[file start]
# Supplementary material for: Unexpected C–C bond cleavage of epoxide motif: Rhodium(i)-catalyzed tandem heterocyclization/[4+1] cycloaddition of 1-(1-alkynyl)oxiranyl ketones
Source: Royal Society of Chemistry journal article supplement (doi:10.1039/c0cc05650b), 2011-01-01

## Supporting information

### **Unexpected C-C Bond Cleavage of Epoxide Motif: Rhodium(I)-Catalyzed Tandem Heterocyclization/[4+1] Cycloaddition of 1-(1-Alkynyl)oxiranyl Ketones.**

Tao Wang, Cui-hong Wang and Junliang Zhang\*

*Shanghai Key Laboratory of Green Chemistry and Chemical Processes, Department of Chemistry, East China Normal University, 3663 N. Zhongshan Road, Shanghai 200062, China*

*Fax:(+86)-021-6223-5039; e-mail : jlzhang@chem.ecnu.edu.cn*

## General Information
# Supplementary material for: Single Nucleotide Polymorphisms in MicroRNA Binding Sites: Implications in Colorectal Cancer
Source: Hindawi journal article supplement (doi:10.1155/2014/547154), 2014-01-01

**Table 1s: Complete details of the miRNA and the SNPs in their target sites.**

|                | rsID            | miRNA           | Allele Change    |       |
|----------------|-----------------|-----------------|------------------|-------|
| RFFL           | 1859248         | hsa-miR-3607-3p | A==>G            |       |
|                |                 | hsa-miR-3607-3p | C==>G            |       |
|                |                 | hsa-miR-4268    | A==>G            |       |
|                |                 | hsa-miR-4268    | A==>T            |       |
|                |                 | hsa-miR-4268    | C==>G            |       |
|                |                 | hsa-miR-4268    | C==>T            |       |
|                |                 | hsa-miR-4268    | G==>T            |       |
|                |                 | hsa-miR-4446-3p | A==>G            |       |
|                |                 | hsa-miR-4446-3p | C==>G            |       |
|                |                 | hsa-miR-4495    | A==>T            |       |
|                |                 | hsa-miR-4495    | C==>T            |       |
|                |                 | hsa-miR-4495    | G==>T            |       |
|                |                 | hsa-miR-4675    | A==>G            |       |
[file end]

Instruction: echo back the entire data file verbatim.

# Supplementary material for: Unexpected C–C bond cleavage of epoxide motif: Rhodium(i)-catalyzed tandem heterocyclization/[4+1] cycloaddition of 1-(1-alkynyl)oxiranyl ketones
Source: Royal Society of Chemistry journal article supplement (doi:10.1039/c0cc05650b), 2011-01-01

## Supporting information

### **Unexpected C-C Bond Cleavage of Epoxide Motif: Rhodium(I)-Catalyzed Tandem Heterocyclization/[4+1] Cycloaddition of 1-(1-Alkynyl)oxiranyl Ketones.**

Tao Wang, Cui-hong Wang and Junliang Zhang\*

*Shanghai Key Laboratory of Green Chemistry and Chemical Processes, Department of Chemistry, East China Normal University, 3663 N. Zhongshan Road, Shanghai 200062, China*

*Fax:(+86)-021-6223-5039; e-mail : jlzhang@chem.ecnu.edu.cn*

## General Information
# Supplementary material for: Single Nucleotide Polymorphisms in MicroRNA Binding Sites: Implications in Colorectal Cancer
Source: Hindawi journal article supplement (doi:10.1155/2014/547154), 2014-01-01

**Table 1s: Complete details of the miRNA and the SNPs in their target sites.**

|                | rsID            | miRNA           | Allele Change    |       |
|----------------|-----------------|-----------------|------------------|-------|
| RFFL           | 1859248         | hsa-miR-3607-3p | A==>G            |       |
|                |                 | hsa-miR-3607-3p | C==>G            |       |
|                |                 | hsa-miR-4268    | A==>G            |       |
|                |                 | hsa-miR-4268    | A==>T            |       |
|                |                 | hsa-miR-4268    | C==>G            |       |
|                |                 | hsa-miR-4268    | C==>T            |       |
|                |                 | hsa-miR-4268    | G==>T            |       |
|                |                 | hsa-miR-4446-3p | A==>G            |       |
|                |                 | hsa-miR-4446-3p | C==>G            |       |
|                |                 | hsa-miR-4495    | A==>T            |       |
|                |                 | hsa-miR-4495    | C==>T            |       |
|                |                 | hsa-miR-4495    | G==>T            |       |
|                |                 | hsa-miR-4675    | A==>G            |       |